With the benefit of hindsight, OSIM’s return to glory looks straightforward enough, but back then when it happened, it wouldn’t be as easy as it looked – even with all the research and analysis that OSIM would have very probably emerged unscathed. There is no sure thing in investing but you can greatly increase your chances of success when you do your homework right. But I do hope that through this case study, we’ve helped you gain a much clearer picture of what needs to be looked at in order to identify and profit from a fallen angel. All the best!

[**New To Stock Investing? Get This Quick Start Investing Manual That’ll Show You How Anyone Can Profit From The Stock Market- Download Quick Start Investing Manual**]

Victor Chng is an equity investor and co-founder of The Fifth Person. His investment articles have been published on The Business Times BTInvest section and Business Insider. He has also been featured multiple times on national radio on 938LIVE for his views and opinions on how to invest successfully in the stock market. Victor is also the co-author of Value Investing in Growth Companies published by Wiley, Inc. The book can be found in all major book stores worldwide and on Amazon.com, Barnes & Noble and Apple’s iBooks. On a personal note, Victor represented Singapore in the 2008 TAFISA World Games in Busan, South Korea and was the 2008 IFMA World Muay Thai Championships bronze medalist, kicking some serious ass along the way.

12 Comments

  1. Pingback: How to Catch a Fallen Angel: Part 2 – The Fifth Person

  2. Vincent

    May 5, 2014 at 9:45 pm

    Great job! Love the article. Very simple and easy to understand. Looking forward to more similar articles like these! 🙂

    • The Fifth Person

      May 6, 2014 at 2:39 pm

      Hi Vincent,

      Thank you for your kind words. And yes, we’ll continue to churn out helpful articles like these to spread financial literacy.

      Looking forward to your continual support ^^

    • Victor Chng

      May 7, 2014 at 7:55 am

      Hey Vincent,

      Thank you for your compliment!

      Glad that that my article was of great value to you. We’ll continue to share content like this to our readers as much as we can 🙂

  3. WC

    July 22, 2014 at 1:34 am

    When you say “Using a discount rate of 4% and an ultra-conservative growth rate of 0%, OSIM’s intrinsic value back in early 2009 was $0.256.”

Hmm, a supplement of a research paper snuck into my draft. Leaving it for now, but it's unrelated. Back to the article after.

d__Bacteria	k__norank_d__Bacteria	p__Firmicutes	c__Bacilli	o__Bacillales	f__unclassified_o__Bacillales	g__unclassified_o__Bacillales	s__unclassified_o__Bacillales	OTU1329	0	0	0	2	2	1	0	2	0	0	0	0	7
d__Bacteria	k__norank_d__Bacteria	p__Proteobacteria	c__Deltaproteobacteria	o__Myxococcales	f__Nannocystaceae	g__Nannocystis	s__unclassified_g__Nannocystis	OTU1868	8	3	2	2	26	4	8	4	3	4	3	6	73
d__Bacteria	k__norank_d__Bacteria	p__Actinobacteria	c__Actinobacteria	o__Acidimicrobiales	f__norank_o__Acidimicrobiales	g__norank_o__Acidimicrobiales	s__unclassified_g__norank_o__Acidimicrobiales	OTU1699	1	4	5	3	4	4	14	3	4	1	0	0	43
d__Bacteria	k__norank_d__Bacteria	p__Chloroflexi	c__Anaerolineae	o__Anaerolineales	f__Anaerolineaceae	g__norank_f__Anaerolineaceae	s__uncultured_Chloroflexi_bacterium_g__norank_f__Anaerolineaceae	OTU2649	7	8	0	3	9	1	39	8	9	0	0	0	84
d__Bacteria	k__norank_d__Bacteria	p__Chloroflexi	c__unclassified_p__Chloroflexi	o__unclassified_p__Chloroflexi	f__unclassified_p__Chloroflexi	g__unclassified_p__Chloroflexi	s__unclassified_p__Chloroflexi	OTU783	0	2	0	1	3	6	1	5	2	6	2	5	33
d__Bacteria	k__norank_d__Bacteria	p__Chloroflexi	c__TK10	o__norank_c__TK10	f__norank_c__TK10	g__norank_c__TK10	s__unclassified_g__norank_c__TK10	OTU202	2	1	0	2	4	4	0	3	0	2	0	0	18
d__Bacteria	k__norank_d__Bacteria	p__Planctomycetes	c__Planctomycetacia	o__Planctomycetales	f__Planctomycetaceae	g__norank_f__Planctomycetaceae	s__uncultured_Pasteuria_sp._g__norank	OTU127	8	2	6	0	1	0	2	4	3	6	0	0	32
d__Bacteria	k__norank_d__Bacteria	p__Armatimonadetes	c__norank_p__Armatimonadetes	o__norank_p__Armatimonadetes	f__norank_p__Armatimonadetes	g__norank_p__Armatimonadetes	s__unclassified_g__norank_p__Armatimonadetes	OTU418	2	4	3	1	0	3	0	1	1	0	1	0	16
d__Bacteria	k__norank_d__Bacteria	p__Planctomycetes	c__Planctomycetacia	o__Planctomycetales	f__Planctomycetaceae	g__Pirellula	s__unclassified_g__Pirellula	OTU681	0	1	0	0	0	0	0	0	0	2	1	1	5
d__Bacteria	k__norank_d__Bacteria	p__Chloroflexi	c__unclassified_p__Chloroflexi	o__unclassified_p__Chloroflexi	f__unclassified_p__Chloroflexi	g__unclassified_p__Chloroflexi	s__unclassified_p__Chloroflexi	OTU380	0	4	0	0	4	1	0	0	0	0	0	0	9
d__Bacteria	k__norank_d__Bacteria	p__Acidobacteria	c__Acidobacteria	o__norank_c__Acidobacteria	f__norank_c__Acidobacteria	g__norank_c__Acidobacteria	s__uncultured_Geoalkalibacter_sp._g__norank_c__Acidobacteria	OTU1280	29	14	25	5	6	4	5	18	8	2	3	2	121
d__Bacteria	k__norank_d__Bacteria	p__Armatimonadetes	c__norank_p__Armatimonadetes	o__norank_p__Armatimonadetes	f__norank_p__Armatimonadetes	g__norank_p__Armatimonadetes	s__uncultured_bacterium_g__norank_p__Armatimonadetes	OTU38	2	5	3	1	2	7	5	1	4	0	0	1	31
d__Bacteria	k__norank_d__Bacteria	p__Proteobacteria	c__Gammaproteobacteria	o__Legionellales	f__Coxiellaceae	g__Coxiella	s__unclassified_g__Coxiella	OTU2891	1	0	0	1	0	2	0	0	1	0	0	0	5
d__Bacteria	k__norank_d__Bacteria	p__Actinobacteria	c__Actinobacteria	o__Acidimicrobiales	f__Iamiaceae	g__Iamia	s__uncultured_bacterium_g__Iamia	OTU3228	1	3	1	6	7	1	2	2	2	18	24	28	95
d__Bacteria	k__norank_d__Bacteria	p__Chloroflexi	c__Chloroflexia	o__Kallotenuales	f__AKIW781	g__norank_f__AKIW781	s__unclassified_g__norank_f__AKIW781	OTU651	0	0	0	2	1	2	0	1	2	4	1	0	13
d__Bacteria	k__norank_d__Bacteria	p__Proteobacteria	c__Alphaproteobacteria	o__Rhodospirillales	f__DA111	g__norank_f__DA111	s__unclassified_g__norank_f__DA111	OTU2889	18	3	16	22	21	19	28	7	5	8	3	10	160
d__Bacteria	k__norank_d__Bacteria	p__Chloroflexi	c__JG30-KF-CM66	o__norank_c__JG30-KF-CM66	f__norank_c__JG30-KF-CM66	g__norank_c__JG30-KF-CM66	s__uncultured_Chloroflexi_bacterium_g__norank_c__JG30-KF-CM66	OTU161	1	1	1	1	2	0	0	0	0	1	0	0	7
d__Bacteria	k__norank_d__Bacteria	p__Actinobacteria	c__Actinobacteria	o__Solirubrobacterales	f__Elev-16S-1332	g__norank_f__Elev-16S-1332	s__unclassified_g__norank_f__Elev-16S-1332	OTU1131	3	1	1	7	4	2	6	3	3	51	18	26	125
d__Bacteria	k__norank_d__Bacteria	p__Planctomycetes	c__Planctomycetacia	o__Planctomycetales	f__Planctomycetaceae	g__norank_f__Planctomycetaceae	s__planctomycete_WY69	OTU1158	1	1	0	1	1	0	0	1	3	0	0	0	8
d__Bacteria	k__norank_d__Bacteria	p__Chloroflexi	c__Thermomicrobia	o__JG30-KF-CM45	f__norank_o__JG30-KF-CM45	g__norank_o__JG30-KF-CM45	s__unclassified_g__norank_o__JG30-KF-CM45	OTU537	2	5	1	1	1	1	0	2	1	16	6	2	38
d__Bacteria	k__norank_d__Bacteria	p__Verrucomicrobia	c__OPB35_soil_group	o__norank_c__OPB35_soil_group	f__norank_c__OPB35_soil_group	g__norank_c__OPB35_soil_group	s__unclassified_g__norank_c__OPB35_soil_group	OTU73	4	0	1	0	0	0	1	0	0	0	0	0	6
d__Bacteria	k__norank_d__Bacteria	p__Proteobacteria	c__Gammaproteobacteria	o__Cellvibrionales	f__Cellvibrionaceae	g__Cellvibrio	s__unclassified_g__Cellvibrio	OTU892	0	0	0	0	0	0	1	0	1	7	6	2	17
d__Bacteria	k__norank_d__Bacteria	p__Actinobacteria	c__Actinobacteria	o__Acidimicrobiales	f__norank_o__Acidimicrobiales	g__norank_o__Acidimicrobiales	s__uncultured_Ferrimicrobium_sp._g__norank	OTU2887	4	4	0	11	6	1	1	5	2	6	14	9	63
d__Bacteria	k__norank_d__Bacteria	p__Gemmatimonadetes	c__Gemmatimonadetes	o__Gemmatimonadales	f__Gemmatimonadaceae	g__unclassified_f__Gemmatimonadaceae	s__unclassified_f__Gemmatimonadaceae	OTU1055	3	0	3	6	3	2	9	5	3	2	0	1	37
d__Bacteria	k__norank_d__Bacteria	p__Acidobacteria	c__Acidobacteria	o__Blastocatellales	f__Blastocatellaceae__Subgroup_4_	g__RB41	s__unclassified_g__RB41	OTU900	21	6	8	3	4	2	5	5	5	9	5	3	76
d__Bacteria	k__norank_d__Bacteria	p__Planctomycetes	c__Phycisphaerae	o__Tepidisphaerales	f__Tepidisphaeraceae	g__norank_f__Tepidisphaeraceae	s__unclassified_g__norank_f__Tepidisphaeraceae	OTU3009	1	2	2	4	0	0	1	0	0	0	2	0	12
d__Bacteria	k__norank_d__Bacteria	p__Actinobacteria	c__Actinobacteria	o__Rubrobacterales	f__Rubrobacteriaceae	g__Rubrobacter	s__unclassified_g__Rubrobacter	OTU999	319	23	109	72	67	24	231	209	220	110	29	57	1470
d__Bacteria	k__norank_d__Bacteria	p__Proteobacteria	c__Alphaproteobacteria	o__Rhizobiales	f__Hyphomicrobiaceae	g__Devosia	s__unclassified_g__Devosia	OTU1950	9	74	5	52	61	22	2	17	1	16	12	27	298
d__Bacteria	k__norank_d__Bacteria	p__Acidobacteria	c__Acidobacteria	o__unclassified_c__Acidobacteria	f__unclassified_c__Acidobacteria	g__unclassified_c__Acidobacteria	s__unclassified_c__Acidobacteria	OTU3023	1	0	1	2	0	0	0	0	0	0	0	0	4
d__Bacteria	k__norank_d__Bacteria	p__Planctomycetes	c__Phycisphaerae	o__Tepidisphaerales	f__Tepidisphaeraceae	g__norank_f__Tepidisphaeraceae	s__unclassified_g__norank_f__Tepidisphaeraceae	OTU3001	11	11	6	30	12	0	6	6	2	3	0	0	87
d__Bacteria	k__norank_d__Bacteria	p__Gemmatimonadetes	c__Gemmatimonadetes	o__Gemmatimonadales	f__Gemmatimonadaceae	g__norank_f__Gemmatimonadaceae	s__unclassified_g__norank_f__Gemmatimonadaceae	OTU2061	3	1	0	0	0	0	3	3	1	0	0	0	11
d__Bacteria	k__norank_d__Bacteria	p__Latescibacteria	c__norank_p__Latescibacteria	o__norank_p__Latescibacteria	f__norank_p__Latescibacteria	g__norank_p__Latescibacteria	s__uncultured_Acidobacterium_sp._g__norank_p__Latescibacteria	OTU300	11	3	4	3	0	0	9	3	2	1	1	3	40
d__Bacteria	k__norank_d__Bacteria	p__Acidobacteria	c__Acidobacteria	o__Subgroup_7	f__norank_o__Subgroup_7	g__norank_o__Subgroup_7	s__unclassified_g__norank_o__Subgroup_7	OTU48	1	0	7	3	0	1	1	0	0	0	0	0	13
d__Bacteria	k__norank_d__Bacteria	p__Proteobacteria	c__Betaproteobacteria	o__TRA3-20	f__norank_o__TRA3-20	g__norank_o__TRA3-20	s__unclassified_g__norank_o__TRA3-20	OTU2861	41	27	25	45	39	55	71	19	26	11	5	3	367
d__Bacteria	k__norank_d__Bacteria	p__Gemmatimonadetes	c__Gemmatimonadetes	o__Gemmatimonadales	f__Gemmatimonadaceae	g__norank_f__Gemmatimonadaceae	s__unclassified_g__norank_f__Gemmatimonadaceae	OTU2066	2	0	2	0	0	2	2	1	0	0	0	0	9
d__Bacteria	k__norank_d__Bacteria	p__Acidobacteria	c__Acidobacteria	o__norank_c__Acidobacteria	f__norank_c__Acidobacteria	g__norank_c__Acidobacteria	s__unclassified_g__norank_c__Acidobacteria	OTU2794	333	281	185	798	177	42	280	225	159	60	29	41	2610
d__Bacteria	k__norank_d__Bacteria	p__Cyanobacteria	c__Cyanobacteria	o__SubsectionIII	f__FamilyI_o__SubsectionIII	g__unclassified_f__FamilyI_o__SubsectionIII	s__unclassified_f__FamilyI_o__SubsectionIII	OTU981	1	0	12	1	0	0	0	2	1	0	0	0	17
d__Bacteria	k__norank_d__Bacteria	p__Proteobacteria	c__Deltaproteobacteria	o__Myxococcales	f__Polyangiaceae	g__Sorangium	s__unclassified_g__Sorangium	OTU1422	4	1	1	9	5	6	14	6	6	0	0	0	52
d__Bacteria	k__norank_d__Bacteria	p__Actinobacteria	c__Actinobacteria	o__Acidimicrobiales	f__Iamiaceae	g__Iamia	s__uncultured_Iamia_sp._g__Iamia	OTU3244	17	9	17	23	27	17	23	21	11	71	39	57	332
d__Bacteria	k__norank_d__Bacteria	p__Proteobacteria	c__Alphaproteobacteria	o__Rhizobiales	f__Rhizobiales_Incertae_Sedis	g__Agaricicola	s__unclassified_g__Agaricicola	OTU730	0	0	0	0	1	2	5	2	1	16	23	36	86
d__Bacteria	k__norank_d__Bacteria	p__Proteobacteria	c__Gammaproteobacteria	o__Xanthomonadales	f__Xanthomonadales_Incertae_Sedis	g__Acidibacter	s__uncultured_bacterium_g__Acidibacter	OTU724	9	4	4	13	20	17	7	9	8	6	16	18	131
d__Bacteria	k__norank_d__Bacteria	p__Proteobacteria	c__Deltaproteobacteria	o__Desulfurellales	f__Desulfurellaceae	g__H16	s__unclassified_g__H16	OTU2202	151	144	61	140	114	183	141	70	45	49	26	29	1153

I don’t know how you get to 0.256.

    Discount for how many years?

    • Victor Chng

      July 22, 2014 at 11:20 am

      Hi WC,

      I used 10 years for this 🙂

      • WC

        July 22, 2014 at 8:15 pm

        Thank you. But I still don’t get 0.256. What I get is 0.2974. And how did you get the 80.4% safety of margin? Did you divide 0.256 with 0.5?

        • Victor Chng

          July 23, 2014 at 10:50 am

          Hi WC,

          I projected OSIM’s EPS of $0.04 at 0% growth and a 4% discount rate for ten years. That gives me $0.324.

          To be even more conservative, I then took into account OSIM’s net debt position which was $0.068 per share. $0.324 less $0.068 will then get you $0.256.

          Best,
          Victor 🙂

          • YK

            January 12, 2015 at 5:09 pm

            Hi Victor,

            I’m new and just doing some read ups but I’m quite confused as I wasn’t able to get the amount $0.324

            I projected OSIM’s EPS of $0.04 at 0% growth and a 4% discount rate for ten years. That gives me $0.324

            Would you be able to guide me along to how did you get the figure of $0.324? Thank you.

            being a greenhorn, I do not have a clue on where is the net debt position which is $0.068 per shares.

            knowing that 1st step is required before the 2nd.

            anyways, I would be attending the seminar on 24 Jan 2015, and I’m curious to know if I would be clueless still after that.

            Thanks
            YK

  4. Vincent

    November 15, 2014 at 11:40 am

    Hi Victor,

    How does the $112m impairment not affect the cash flow of the company? Unless the investments of this $112m has already been paid upfront prev?

    • Victor Chng

      November 18, 2014 at 6:02 pm

      Hi Vincent,

      Yes, you’re right. The investment had already been made upfront previously and by writing it off, it didn’t affect their cash flow when it happened.

  5. Victor Chng

    January 15, 2015 at 3:37 pm

    Hi YK,

    I would like to congratulate you for taking the first step to learn investing!

    The formula for discounted cash flow can be found here: http://www.investopedia.com/terms/d/dcf.asp

    You just need to input the EPS and discount rate into the formula and you will be able to calculate the valuation.

    Hope it helps and I look forward to seeing you at next Saturday at SMART Investor Workshop 🙂